The tornado sirens were blaring, and the noise, bouncing off buildings, asphalt, and concrete, sounded like it was coming from everywhere all at once. Car alarms were screaming like cats on fire, and the sky was blacker than the devil's darkest fantasy. On the radio and television announcers were claiming, "If there was ever a tornado that could hit downtown Memphis, this is it." Officials even closed down the barbecue contest and sent everybody home en masse. Needless to say, things weren't exactly hopping in the Edge, the ever-expanding artists' haven on the outskirts of downtown where Marshall and Madison converge. And that spelled bad news for the actors at Sleeping Cat Studio who performed their twisted one-act play Tell Me You Love Me for an audience of two. To their good credit, neither the terrible storm blowing outside nor the miniature audience seemed to affect the cast in the least. The show went on, and what a show it was.
When I first reviewed this play by local producer and playwright Jim Esposito back in 1999, I wrote, "If John Waters and Jean-Luc Godard got rip-snortin' drunk one night and decided to rewrite Who's Afraid of Virginia Woolf before sunrise, the result might very well resemble Jim Esposito's Tell Me You Love Me . B-movie fans will love it, gentle souls will loathe it, and hipsters will get off on hanging out in Esposito's way cool warehouse apartment/theater, where they can eat, drink, smoke, and laugh at jokes about aneurysms. It is no insult to say that the cast has the kind of commitment, energy, and amateurish appeal appropriate only to that desolate place where the French New Wave pours its load into the mouth of the great Waters."
Four years, a brand-new (if equally cool) theater, and a couple of rewrites later, virtually none of this commentary applies. While the play still has some very funny moments, the jokes no longer generate the wave on which the story rides. Now it plays more like something David Lynch might have created in a moment of pure whimsy. And the cast (Amy Van Doren, Michael B. Conway, and Richard Crowe) are (for both better and worse) far too experienced to create the improvisational feel that made the original production so attractive. But none of this is to say that this production of Tell Me You Love Me is in any way inferior to the original. It's just different. Very different. And there is nothing wrong with that.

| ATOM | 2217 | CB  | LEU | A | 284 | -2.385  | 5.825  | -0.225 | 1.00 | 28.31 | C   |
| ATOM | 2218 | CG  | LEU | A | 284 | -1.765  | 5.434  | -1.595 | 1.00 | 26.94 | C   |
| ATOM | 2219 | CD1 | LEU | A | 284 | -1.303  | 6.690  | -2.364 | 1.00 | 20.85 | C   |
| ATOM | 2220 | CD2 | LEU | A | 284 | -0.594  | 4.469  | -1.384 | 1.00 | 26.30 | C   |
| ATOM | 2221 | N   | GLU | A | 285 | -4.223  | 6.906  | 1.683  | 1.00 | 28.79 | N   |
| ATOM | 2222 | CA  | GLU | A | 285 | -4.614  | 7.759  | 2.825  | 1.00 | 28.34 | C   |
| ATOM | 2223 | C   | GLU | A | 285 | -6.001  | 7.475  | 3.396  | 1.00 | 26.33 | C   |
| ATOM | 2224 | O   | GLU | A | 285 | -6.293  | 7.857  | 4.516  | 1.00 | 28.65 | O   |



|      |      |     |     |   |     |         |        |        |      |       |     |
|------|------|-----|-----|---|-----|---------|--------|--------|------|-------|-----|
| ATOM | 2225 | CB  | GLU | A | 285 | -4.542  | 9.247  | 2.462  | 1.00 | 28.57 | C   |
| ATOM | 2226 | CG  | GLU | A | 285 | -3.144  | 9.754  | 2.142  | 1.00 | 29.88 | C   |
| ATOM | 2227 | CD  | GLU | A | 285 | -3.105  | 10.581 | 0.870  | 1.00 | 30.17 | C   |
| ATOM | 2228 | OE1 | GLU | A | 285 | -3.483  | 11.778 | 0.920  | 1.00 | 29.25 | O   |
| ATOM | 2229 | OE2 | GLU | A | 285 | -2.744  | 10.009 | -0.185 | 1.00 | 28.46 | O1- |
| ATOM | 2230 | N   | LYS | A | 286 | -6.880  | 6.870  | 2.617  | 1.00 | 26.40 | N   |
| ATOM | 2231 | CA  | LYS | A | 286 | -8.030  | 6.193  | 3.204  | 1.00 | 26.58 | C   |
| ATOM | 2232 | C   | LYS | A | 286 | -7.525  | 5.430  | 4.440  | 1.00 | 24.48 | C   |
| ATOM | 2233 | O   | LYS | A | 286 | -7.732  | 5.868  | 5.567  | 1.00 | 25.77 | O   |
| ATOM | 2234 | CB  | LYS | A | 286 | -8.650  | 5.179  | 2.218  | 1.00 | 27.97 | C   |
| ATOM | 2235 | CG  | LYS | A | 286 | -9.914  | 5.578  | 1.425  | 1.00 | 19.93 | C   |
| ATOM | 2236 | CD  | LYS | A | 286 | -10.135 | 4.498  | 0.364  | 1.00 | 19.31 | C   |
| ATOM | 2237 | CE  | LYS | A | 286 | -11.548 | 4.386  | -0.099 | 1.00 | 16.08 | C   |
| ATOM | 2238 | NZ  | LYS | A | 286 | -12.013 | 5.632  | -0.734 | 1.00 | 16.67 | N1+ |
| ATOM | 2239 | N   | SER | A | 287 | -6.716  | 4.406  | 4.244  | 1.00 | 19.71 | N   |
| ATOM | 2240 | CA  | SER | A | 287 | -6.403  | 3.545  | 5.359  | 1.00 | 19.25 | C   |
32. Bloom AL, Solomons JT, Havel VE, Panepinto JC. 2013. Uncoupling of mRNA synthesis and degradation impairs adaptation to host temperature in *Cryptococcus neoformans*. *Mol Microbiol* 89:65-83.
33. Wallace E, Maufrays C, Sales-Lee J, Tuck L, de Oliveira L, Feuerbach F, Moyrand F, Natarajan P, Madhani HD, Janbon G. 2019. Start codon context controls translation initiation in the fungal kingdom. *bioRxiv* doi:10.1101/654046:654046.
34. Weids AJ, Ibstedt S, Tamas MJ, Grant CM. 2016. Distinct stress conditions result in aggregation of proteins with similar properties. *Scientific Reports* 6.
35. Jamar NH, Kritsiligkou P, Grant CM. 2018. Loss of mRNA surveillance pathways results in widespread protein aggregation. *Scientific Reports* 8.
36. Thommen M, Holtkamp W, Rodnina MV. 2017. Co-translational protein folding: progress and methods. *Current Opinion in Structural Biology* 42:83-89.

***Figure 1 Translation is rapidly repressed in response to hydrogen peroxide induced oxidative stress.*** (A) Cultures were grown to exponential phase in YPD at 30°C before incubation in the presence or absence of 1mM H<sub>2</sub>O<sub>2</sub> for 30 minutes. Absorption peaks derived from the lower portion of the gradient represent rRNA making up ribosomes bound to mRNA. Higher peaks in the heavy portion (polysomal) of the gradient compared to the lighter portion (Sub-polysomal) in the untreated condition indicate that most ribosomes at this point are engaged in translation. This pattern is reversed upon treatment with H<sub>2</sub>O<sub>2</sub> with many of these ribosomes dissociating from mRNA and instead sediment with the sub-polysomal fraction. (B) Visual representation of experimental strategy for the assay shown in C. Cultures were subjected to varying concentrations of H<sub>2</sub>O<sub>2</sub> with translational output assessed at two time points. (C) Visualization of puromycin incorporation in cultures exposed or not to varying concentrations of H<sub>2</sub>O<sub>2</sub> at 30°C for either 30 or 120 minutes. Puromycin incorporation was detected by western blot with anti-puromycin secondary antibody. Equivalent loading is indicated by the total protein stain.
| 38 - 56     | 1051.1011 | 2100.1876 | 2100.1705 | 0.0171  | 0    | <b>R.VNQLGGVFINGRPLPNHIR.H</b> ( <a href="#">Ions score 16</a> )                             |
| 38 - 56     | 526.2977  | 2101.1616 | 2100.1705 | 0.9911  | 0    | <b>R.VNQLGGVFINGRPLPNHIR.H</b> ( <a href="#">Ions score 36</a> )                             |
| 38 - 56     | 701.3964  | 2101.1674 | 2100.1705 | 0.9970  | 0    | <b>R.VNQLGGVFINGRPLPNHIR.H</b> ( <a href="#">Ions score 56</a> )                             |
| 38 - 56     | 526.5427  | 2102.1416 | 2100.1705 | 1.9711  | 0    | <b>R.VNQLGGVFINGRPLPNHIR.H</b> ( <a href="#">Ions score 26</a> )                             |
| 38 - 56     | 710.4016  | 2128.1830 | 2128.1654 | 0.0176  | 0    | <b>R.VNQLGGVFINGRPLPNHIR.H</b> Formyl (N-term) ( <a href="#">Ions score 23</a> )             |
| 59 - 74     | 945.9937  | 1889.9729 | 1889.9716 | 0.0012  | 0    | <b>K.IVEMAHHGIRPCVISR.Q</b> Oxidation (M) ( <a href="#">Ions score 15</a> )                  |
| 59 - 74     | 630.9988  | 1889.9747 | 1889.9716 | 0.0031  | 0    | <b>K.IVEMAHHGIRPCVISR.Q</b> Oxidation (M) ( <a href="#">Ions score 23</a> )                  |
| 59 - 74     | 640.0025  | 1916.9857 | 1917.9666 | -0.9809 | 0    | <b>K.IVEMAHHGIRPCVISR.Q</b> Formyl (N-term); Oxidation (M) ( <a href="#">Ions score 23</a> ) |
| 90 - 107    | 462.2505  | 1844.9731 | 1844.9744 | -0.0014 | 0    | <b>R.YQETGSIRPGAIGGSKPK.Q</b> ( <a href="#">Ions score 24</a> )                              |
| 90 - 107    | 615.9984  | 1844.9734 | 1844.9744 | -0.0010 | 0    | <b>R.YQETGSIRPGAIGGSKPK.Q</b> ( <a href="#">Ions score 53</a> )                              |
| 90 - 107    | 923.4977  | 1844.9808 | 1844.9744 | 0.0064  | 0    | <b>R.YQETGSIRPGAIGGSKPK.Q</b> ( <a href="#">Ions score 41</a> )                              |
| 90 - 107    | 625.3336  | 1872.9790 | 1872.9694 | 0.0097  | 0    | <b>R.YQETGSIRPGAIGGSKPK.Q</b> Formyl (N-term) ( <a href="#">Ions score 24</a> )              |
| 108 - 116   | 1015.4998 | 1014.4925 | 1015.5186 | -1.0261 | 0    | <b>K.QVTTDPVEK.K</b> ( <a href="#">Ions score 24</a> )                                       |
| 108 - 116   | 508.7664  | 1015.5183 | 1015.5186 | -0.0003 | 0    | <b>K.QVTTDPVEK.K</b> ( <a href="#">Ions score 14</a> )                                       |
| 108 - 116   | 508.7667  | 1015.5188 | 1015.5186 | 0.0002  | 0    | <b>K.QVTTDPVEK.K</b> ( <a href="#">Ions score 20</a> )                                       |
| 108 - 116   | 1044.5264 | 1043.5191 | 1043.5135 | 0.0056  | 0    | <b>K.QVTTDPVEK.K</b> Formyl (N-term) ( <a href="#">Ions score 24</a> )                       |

Esposito has, in the last few years, matured as a playwright. The first act of his family drama Night Blooming Cereus is virtually flawless, and his wartime drama The Ribbon Mill proved that he could create characters so unforgettable they could make you forget that the story was repetitive and full of holes. Tell Me You Love Me, a one-act that runs exactly one hour, is a throwback to the days when seeing an Esposito play was a real crapshoot. You might see something fun and thought-provoking. You might see a sophomoric staging of a dirty joke. You might just see something dirty for the sake of being dirty. Tell Me You Love Me is all three, and taken as a whole, it is possibly Esposito's most satisfying play to date. With more twists than Chubby Checker, it tells the story of a middle-aged couple who, through the conduit of a third party, express their love in a rather unconventional way. And while this production gives a little too much away too early on, the last-minute surprise is still reasonably surprising and appropriately perverse.
To even begin explaining the plot of Tell Me You Love Me would give too much away. Though this sick little sex-play is no mystery, it uses a decidedly Hitchcockian brand of suspense that should be experienced sans spoilers.
Sleeping Cat has announced plans to extend the run of Tell Me You Love Me into June, though they have not officially announced the new run dates. The extension is not the result of popular demand. In fact, the opposite is true. The show has taken a beating in terms of attendance. Between the activities surrounding Memphis in May and the spate of bad weather, audiences have been small, even by Sleeping Cat standards. And that's too bad. While I've had more than my share of negative things to say about many of Esposito's plays, this is one I can largely recommend front to back. The simple (if less than subtle) performances by Crowe, Conway, and Van Doren tend to hide the piece's weaker moments. Tell Me You Love Me is the kind of theater that could make moralizers like John Ashcroft and Rick Santorum want to move to Canada. So I say, Bring it on.